Cessna 210 – wheels up
Another milestone was achieved in May 2016 when I passed my RUC (Retractable UnderCarriage) endorsement. All the aircraft I’d flown previously had been fixed undercarriage. The wheels on those basically hang below the aircraft and provide considerable air resistance and additional drag as we fly reducing our airspeed and limiting our range. If we want to progress to faster machines to travel longer distances we can move to aircraft that have a system that lifts the undercarriage out of the way. I had to learn how to retract the undercarriage on take off and, somewhat more importantly, how to extend it again before landing. Not terribly difficult but it did involve taking a somewhat larger plane, a 6 seater Cessna 210, which has an 8 cylinder engine and 300 hp. It cruises at 160 knots, so considerably faster than the 182 which is more like 130 knots. The lucky instructor was Mal McAdam. We had to head over to the training area at Bribie Island for a few manoeuvres and exercises before doing some circuits at Redcliffe. The aircraft (call sign Echo Lima Sierra) is shown below. The main wheels fold back up into the slots in the bottom of the fuselage, while the nose wheel folds forward.
First Mal took me through a preflight briefing, inspecting the system and how the hydraulic power pack and associated pump functions. We checked the hydraulic fluid level and discussed how the system can be debugged while flying. Then it was off to runway 07 for take off. It’s Saturday afternoon and all is quiet. The Saturday morning rush is over and we’re on our own. The sky is blue and all is good. I open the throttle and we hurtle down the runway. This is certainly the first plane I’ve flown that I’ve actually felt pressed back in the seat on acceleration. The big engine has some power all right. We accelerate to 65 knots, rotate, lift off, weather cock into wind with rudder (there’s a reasonable cross wind from the right) fly over the end of the runway, touch the brakes, select undercarriage up, wait for the red light (1..2…3….4….5), then power back to top of the greens, prop back to 2500rpm, flaps up and climb to 500ft, start the turn to the left and continue climbing to 1000ft, then level out and head for Beachmere. And what do you know? We’re halfway across the bay already! This plane moves!
I make the Redcliffe departure call then abeam Beachmere change to Caboolture CTAF and let them know we’re on our way to central Bribie for some aerial work between 2500 and 3500ft. Over Bribie it’s time to get a feel for the plane with a few steep turns, dodging some clouds as we go. Then trim at 3000ft, cut the power and hold altitude by gradually lifting the nose. Pull back, pull back. We carry out a couple of clean stalls and recover to 3000ft. Practise extending the undercarriage, wait for the green light to come on, check the main wheels are visible, and then retract. Extend again and extend full flaps then practise stalls with flaps and gear extended. Wow the nose goes high before it stalls! Stall warning sounds, the nose drops, power on and level out again at 3000. Now just need to practise manual lowering of the undercarriage. Just in case the electric power pack for the hydraulics were to fail, there’s a hand operated pump with a handle between the seats. So Mal pulls the circuit breaker, I select wheels down and start pumping. After about 30 pumps it starts to get difficult and then the green light comes on. Success! That wasn’t so hard. Circuit breaker in again and retract the wheels again.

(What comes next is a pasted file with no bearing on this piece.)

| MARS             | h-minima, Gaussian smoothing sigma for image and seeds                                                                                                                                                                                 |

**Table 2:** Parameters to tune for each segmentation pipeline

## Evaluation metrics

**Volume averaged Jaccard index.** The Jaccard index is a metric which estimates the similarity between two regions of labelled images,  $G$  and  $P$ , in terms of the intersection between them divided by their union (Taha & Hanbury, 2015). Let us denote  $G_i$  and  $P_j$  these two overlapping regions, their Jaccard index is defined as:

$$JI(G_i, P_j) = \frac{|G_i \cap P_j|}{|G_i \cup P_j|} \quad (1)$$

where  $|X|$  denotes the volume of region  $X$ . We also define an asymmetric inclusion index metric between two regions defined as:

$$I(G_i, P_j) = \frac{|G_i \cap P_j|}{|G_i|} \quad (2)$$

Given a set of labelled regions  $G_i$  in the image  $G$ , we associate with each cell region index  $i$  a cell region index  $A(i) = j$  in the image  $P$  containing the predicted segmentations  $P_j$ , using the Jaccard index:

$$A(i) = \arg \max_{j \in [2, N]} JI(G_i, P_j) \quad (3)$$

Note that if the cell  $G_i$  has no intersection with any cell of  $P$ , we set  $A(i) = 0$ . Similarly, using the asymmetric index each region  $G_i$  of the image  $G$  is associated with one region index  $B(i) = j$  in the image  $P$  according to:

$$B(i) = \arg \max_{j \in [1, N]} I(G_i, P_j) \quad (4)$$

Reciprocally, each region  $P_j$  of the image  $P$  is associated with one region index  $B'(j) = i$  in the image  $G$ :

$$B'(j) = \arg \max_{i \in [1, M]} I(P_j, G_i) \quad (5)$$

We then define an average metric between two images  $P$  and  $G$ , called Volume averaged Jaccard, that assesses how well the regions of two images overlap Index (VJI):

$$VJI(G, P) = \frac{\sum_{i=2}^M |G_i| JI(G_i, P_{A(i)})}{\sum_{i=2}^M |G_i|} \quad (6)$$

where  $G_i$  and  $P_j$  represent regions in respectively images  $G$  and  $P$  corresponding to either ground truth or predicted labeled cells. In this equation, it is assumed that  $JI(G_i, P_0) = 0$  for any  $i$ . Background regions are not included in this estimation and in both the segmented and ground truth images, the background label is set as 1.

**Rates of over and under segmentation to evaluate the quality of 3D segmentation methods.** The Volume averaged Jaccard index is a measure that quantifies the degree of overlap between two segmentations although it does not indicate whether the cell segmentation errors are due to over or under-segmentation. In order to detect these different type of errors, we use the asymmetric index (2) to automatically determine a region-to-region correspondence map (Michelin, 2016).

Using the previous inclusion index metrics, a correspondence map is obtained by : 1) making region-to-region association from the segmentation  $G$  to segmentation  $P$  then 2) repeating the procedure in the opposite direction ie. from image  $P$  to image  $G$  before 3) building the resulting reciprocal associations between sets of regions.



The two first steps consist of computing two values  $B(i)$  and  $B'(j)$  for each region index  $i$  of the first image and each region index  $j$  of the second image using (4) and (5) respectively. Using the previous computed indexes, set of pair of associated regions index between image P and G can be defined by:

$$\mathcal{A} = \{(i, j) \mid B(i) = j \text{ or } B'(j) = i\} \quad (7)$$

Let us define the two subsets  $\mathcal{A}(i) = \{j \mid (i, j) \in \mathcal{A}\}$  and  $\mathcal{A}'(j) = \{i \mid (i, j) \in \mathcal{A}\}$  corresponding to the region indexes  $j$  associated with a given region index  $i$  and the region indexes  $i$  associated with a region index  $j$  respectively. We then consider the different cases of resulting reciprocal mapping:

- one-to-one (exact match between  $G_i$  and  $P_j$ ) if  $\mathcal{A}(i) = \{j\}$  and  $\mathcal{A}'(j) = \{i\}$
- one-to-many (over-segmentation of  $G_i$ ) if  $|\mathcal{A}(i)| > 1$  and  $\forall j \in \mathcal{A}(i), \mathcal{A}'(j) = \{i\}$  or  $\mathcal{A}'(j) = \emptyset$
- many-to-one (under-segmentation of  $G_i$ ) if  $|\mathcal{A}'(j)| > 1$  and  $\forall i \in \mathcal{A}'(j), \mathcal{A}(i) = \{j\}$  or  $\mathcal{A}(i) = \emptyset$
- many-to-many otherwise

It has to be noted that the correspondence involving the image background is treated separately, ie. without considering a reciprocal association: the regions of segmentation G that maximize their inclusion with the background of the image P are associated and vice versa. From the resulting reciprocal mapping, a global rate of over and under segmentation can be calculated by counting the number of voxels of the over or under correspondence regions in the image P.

Now it’s back to Redcliffe for a few circuits. It doesn’t take long in the 210. Mal scolds me for cutting the power back for descent. No need in this plane – just point the nose down and off we go. Before long I’m making the inbound call and head into a very quiet Redcliffe circuit.
A few rusty circuits later Mal suggests we do a full stop and get a bit more fuel. This seems a good chance to have a break and discuss what needs to be improved. We land and taxi to the bowser. Just then it starts to rain, a brief shower, so we take the opportunity to discuss what I need to do better to improve the circuits. It all seems a lot more understandable on the ground while I’m not simultaneously flying the plane. So with this new found perspective and the rain stopped, we put 100L in each wing and then taxi back out to the runway.
This time they are much better circuits and it all seems so much smoother. Climb out, touch the brakes, wheels up, top of the greens, flaps up, turn and climb to 1000ft, level out, trim, manifold pressure back to 20 inches, trim, “brakes ok, check speed, undercarriage down” (1…2….3….4….5) green light on and main wheels visible, “and locked, mixture rich, fuel’s on and sufficient, hatches and harnesses ok”. Abeam the threshold check speed, 10 degrees flap, hold 1000ft, let the speed fall away, aim for 90knots, make the turn onto base and check speed, 20 degrees flap. Descend on base, trim for 85 knots, watch the rate of descent and trim, don’t turn too early given the head wind, then turn onto final and select 30 degrees flap, trim for 75knots and the aim point. Do the PUFF check (Prop fine, Undercarriage down and locked, Flaps at 30, cowl Flaps open. Adjust the power to keep on glide slope to the aim point until we cross the fence then retard the throttle and look down the end of the runway. Keep pulling back and flare as we near the ground, then touchdown, slowly lower the nose, retract the flaps, power on again and off we go for another circuit.
After three more good ones Mal calls it a day and we do a full stop and head back to the hangar. All good. All makes sense. I have the endorsement. Now, what next? Must be a trip to a cattle station. NDP is the aircraft of choice – a Cessna 182RG (Retractable Gear).